I am now at a point where I can explain how I read the Bible when I was a committed Christian who was not, however, a conservative evangelical convinced that the Bible was a completely inerrant revelation from God without any discrepancies or differences in it. As I have already indicated, my new way of reading of the Bible did not denigrate the Bible at all, as often happens when people realize there are mistakes in it and come away saying something like: “It’s worthless, just a pile of contradictions!” That wasn’t my view at all.
On the contrary, the differences revealed the true richness of the Christian tradition. The Gospels, rather than simply being completely accurate accounts of what really happened were theological reflections on the significance of Jesus. Different reflections, by different authors, all of whom had something to teach me as someone who was himself wrestling with the significance of Jesus. One way to see the true depth of these different reflections is to compare them carefully with one another. I explain how that can be done by taking a particular example: how did the Gospel writers remember Jesus’ death. This is how I explain it in my book Jesus Interrupted (this will take two or maybe three posts).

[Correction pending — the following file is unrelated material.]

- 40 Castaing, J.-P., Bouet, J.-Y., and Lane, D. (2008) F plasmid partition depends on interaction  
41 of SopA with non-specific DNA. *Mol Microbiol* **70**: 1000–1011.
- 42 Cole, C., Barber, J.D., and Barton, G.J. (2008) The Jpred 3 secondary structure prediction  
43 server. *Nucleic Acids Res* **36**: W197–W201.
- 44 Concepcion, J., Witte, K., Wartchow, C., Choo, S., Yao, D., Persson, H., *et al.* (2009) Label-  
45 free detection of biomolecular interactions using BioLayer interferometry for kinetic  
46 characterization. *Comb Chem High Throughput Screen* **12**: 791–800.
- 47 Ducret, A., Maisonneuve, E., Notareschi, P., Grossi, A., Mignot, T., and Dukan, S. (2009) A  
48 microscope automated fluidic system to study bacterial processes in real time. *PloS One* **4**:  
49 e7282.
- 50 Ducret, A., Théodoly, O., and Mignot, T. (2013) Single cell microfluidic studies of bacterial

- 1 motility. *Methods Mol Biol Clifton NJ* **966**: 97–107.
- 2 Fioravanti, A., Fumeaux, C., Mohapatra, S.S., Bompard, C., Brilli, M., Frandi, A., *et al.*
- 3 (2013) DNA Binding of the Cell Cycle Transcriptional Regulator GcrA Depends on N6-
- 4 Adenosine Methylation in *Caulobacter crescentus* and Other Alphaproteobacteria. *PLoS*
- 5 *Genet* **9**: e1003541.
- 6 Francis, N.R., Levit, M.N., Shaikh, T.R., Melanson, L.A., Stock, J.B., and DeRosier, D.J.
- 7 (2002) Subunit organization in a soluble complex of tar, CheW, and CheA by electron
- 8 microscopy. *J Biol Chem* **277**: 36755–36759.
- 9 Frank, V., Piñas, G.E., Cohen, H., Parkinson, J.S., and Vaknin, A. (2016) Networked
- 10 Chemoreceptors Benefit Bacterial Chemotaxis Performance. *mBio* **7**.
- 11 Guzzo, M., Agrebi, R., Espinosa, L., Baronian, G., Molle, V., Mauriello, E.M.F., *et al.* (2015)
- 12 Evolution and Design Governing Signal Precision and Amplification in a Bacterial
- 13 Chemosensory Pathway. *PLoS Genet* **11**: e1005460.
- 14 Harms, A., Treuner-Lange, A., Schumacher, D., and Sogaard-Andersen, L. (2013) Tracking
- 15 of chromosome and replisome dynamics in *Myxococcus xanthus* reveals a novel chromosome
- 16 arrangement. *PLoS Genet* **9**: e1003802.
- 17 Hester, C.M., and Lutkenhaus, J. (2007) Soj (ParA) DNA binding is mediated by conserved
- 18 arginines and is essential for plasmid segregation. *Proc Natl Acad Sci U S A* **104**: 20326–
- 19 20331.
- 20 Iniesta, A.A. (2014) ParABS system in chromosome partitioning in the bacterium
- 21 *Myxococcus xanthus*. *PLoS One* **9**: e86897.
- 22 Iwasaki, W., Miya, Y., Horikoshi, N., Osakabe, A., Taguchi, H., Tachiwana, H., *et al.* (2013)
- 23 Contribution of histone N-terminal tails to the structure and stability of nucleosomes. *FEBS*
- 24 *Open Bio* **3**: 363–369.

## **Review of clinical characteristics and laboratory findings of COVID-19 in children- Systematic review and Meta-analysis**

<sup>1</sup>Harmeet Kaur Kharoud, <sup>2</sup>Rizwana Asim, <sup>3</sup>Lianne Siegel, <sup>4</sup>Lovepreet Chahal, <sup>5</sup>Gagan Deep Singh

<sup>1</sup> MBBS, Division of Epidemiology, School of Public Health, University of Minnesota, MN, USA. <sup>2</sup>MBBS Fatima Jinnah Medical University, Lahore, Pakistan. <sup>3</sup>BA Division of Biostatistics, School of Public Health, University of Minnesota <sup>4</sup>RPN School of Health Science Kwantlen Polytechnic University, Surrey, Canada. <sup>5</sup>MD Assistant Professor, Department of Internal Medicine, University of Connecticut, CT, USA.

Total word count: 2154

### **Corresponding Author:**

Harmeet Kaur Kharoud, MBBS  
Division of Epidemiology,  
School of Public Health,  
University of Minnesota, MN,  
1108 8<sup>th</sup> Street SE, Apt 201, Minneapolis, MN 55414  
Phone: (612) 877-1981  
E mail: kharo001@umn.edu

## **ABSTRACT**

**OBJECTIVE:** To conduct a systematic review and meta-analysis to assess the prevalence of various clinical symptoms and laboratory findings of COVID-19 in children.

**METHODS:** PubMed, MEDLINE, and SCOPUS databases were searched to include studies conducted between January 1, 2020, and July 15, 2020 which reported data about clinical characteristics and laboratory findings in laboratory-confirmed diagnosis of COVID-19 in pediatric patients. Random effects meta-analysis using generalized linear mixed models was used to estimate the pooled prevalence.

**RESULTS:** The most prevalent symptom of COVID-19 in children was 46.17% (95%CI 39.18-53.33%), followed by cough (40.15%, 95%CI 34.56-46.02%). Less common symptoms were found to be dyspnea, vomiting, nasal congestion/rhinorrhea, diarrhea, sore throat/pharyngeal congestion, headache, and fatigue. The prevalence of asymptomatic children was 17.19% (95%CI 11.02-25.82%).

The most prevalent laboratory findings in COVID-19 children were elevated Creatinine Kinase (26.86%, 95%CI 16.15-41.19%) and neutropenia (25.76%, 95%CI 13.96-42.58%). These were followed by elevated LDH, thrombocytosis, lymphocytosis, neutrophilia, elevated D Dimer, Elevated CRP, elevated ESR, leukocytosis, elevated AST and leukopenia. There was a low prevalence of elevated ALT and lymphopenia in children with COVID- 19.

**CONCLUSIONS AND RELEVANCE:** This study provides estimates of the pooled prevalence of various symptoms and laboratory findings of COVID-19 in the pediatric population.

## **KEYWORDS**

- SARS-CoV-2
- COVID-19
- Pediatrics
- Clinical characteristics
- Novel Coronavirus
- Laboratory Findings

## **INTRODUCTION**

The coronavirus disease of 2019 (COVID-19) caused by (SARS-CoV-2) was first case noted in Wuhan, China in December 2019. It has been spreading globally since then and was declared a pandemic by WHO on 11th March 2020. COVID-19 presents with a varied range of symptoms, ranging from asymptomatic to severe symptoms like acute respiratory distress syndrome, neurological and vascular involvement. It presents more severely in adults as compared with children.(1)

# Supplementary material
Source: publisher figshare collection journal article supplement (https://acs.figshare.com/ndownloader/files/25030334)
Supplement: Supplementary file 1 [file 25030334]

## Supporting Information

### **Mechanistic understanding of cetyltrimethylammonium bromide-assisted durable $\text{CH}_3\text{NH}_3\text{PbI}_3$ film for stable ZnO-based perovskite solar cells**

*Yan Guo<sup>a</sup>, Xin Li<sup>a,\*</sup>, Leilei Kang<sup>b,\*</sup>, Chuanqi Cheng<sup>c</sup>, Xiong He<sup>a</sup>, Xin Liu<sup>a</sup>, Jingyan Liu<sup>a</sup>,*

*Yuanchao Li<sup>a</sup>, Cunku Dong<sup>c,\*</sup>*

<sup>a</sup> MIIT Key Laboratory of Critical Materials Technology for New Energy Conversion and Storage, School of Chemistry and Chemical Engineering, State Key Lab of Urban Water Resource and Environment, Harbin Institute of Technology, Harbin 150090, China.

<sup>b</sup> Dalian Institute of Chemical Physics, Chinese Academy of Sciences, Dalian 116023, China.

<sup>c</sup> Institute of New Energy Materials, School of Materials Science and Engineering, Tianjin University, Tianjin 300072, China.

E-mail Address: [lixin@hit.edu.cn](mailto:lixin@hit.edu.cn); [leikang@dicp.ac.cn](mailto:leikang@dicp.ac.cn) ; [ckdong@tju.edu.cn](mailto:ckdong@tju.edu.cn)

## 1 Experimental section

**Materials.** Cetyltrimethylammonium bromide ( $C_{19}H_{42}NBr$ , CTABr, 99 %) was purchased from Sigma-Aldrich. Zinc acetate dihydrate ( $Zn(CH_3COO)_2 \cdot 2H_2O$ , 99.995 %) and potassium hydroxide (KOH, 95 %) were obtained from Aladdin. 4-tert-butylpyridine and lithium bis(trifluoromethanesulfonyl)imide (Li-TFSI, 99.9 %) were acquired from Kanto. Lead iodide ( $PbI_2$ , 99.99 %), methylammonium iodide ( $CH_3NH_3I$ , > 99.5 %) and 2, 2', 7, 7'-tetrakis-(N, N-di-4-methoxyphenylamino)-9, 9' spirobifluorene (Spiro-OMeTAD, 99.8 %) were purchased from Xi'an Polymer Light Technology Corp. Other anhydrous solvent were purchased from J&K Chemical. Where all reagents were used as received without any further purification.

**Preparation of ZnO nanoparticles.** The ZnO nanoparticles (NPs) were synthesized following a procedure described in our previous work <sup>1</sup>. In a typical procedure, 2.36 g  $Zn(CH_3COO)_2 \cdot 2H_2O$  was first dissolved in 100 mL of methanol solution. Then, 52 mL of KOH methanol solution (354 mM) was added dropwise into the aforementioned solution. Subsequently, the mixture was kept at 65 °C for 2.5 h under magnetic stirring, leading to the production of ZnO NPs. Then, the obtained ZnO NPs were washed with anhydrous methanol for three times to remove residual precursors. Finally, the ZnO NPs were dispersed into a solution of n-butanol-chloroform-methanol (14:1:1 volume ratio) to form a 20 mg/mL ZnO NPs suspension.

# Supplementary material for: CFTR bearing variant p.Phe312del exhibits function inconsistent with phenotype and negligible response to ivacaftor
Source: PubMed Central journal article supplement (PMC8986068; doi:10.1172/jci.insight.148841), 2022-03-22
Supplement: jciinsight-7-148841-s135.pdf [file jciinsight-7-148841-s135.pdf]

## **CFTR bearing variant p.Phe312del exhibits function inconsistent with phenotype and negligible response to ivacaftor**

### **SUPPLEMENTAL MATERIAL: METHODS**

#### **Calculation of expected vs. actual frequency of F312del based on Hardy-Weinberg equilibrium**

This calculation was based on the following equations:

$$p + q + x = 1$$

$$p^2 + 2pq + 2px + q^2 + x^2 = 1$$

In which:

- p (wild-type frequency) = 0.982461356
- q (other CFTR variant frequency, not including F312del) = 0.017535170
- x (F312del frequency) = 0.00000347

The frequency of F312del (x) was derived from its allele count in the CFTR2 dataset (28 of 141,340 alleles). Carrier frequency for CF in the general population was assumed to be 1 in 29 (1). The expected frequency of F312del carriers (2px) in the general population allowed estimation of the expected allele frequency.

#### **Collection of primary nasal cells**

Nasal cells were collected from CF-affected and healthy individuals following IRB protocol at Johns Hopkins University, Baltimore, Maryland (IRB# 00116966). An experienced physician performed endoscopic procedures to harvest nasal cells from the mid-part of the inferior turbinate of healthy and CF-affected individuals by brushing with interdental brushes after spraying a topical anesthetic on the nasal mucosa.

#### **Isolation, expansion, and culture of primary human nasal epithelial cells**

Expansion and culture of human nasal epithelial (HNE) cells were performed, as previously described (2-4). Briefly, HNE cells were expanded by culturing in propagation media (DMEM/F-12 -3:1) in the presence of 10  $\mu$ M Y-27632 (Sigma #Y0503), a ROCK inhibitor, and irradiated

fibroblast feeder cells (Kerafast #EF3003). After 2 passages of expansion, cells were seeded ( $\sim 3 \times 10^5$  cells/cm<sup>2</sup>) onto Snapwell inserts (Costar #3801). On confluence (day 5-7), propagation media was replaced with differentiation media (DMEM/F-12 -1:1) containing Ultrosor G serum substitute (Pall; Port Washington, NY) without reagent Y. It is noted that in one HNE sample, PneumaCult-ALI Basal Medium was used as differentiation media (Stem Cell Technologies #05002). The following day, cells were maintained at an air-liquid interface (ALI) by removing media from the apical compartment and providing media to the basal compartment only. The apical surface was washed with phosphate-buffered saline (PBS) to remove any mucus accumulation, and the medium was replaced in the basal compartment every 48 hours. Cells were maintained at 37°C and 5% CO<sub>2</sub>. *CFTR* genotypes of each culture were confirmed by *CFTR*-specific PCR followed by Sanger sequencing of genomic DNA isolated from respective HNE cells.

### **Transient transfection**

I can begin my comparison of texts by discussing an example that strikes me as particularly clear and gripping. As is the case with detailed discrepancies one can find between one account and another, this kind of difference can be seen only by doing a careful horizontal reading of passages; but rather than looking for minute disagreements here or there, we are looking for broader themes, major differences in the way a story is told. One story that is told very differently in the Gospels is the key story of them all, the crucifixion of Jesus. You might think that all the Gospels have exactly the same message about the crucifixion, and that their differences might simply reflect minor changes of perspective, with one author emphasizing one thing and another something else. But in fact the differences are much larger and more fundamental than that. Nowhere can this be seen more clearly than in the accounts of Jesus’ death in Mark and Luke.
I should probably reiterate a point I made earlier, that…
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